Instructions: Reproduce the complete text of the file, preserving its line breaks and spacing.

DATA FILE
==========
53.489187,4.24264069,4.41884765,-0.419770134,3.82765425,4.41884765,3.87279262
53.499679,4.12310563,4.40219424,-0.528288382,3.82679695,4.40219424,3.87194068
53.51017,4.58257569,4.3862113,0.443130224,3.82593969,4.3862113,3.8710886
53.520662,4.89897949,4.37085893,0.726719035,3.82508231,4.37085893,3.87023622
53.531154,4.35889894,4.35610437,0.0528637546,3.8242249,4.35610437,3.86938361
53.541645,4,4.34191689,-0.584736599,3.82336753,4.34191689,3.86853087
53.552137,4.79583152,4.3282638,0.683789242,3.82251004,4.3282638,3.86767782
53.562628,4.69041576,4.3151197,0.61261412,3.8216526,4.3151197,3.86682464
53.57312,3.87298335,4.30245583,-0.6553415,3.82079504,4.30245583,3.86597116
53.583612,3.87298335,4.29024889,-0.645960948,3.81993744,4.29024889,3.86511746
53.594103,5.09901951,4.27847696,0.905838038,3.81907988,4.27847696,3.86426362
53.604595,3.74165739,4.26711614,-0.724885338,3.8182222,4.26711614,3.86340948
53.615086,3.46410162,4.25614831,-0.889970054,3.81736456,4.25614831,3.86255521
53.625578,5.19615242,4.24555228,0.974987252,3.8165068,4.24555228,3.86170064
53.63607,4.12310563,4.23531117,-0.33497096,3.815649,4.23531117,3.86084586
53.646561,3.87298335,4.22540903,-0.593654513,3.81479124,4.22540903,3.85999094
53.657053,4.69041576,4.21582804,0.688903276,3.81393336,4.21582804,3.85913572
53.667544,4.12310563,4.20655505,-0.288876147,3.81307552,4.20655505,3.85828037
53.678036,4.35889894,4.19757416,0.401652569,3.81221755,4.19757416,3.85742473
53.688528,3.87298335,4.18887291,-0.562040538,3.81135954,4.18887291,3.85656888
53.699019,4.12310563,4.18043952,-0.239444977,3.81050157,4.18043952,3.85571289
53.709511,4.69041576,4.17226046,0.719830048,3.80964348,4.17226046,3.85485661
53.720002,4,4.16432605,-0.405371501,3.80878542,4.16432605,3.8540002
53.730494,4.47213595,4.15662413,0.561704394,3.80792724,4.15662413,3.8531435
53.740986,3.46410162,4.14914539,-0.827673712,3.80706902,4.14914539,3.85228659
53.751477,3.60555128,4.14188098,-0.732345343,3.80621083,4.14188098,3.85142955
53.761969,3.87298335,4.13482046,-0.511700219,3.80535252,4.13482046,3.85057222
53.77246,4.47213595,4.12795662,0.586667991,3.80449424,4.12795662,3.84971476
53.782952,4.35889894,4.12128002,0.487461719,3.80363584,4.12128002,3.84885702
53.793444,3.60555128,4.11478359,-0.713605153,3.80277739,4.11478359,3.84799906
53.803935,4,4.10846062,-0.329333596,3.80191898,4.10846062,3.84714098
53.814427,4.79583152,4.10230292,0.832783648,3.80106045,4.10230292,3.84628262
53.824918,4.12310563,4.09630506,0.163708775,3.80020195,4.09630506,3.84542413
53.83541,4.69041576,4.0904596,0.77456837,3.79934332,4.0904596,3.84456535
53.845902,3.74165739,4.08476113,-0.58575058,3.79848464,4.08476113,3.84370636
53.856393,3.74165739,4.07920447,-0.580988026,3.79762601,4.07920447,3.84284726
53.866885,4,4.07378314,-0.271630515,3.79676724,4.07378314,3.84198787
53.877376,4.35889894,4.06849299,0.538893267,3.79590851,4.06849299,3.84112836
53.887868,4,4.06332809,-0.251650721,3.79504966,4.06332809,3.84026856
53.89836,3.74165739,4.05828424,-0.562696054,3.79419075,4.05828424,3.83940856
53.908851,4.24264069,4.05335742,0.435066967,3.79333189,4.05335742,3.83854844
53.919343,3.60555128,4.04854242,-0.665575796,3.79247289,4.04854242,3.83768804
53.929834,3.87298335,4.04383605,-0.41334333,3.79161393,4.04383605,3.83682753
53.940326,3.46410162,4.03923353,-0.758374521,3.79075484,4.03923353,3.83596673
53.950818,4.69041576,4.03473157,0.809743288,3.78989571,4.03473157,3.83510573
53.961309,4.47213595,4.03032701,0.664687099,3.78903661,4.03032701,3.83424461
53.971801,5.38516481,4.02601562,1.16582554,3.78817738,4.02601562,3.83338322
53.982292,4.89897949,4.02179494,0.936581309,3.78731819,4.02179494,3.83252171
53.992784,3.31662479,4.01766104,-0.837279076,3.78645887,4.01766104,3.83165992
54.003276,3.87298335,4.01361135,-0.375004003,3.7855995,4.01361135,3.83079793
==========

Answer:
53.489187,4.24264069,4.41884765,-0.419770134,3.82765425,4.41884765,3.87279262
53.499679,4.12310563,4.40219424,-0.528288382,3.82679695,4.40219424,3.87194068
53.51017,4.58257569,4.3862113,0.443130224,3.82593969,4.3862113,3.8710886
53.520662,4.89897949,4.37085893,0.726719035,3.82508231,4.37085893,3.87023622
53.531154,4.35889894,4.35610437,0.0528637546,3.8242249,4.35610437,3.86938361
53.541645,4,4.34191689,-0.584736599,3.82336753,4.34191689,3.86853087
53.552137,4.79583152,4.3282638,0.683789242,3.82251004,4.3282638,3.86767782
53.562628,4.69041576,4.3151197,0.61261412,3.8216526,4.3151197,3.86682464
53.57312,3.87298335,4.30245583,-0.6553415,3.82079504,4.30245583,3.86597116
53.583612,3.87298335,4.29024889,-0.645960948,3.81993744,4.29024889,3.86511746
53.594103,5.09901951,4.27847696,0.905838038,3.81907988,4.27847696,3.86426362
53.604595,3.74165739,4.26711614,-0.724885338,3.8182222,4.26711614,3.86340948
53.615086,3.46410162,4.25614831,-0.889970054,3.81736456,4.25614831,3.86255521
53.625578,5.19615242,4.24555228,0.974987252,3.8165068,4.24555228,3.86170064
53.63607,4.12310563,4.23531117,-0.33497096,3.815649,4.23531117,3.86084586
53.646561,3.87298335,4.22540903,-0.593654513,3.81479124,4.22540903,3.85999094
53.657053,4.69041576,4.21582804,0.688903276,3.81393336,4.21582804,3.85913572
53.667544,4.12310563,4.20655505,-0.288876147,3.81307552,4.20655505,3.85828037
53.678036,4.35889894,4.19757416,0.401652569,3.81221755,4.19757416,3.85742473
53.688528,3.87298335,4.18887291,-0.562040538,3.81135954,4.18887291,3.85656888
53.699019,4.12310563,4.18043952,-0.239444977,3.81050157,4.18043952,3.85571289
53.709511,4.69041576,4.17226046,0.719830048,3.80964348,4.17226046,3.85485661
53.720002,4,4.16432605,-0.405371501,3.80878542,4.16432605,3.8540002
53.730494,4.47213595,4.15662413,0.561704394,3.80792724,4.15662413,3.8531435
53.740986,3.46410162,4.14914539,-0.827673712,3.80706902,4.14914539,3.85228659
53.751477,3.60555128,4.14188098,-0.732345343,3.80621083,4.14188098,3.85142955
53.761969,3.87298335,4.13482046,-0.511700219,3.80535252,4.13482046,3.85057222
53.77246,4.47213595,4.12795662,0.586667991,3.80449424,4.12795662,3.84971476
53.782952,4.35889894,4.12128002,0.487461719,3.80363584,4.12128002,3.84885702
53.793444,3.60555128,4.11478359,-0.713605153,3.80277739,4.11478359,3.84799906
53.803935,4,4.10846062,-0.329333596,3.80191898,4.10846062,3.84714098
53.814427,4.79583152,4.10230292,0.832783648,3.80106045,4.10230292,3.84628262
53.824918,4.12310563,4.09630506,0.163708775,3.80020195,4.09630506,3.84542413
53.83541,4.69041576,4.0904596,0.77456837,3.79934332,4.0904596,3.84456535
53.845902,3.74165739,4.08476113,-0.58575058,3.79848464,4.08476113,3.84370636
53.856393,3.74165739,4.07920447,-0.580988026,3.79762601,4.07920447,3.84284726
53.866885,4,4.07378314,-0.271630515,3.79676724,4.07378314,3.84198787
53.877376,4.35889894,4.06849299,0.538893267,3.79590851,4.06849299,3.84112836
53.887868,4,4.06332809,-0.251650721,3.79504966,4.06332809,3.84026856
53.89836,3.74165739,4.05828424,-0.562696054,3.79419075,4.05828424,3.83940856
53.908851,4.24264069,4.05335742,0.435066967,3.79333189,4.05335742,3.83854844
53.919343,3.60555128,4.04854242,-0.665575796,3.79247289,4.04854242,3.83768804
53.929834,3.87298335,4.04383605,-0.41334333,3.79161393,4.04383605,3.83682753
53.940326,3.46410162,4.03923353,-0.758374521,3.79075484,4.03923353,3.83596673
53.950818,4.69041576,4.03473157,0.809743288,3.78989571,4.03473157,3.83510573
53.961309,4.47213595,4.03032701,0.664687099,3.78903661,4.03032701,3.83424461
53.971801,5.38516481,4.02601562,1.16582554,3.78817738,4.02601562,3.83338322
53.982292,4.89897949,4.02179494,0.936581309,3.78731819,4.02179494,3.83252171
53.992784,3.31662479,4.01766104,-0.837279076,3.78645887,4.01766104,3.83165992
54.003276,3.87298335,4.01361135,-0.375004003,3.7855995,4.01361135,3.83079793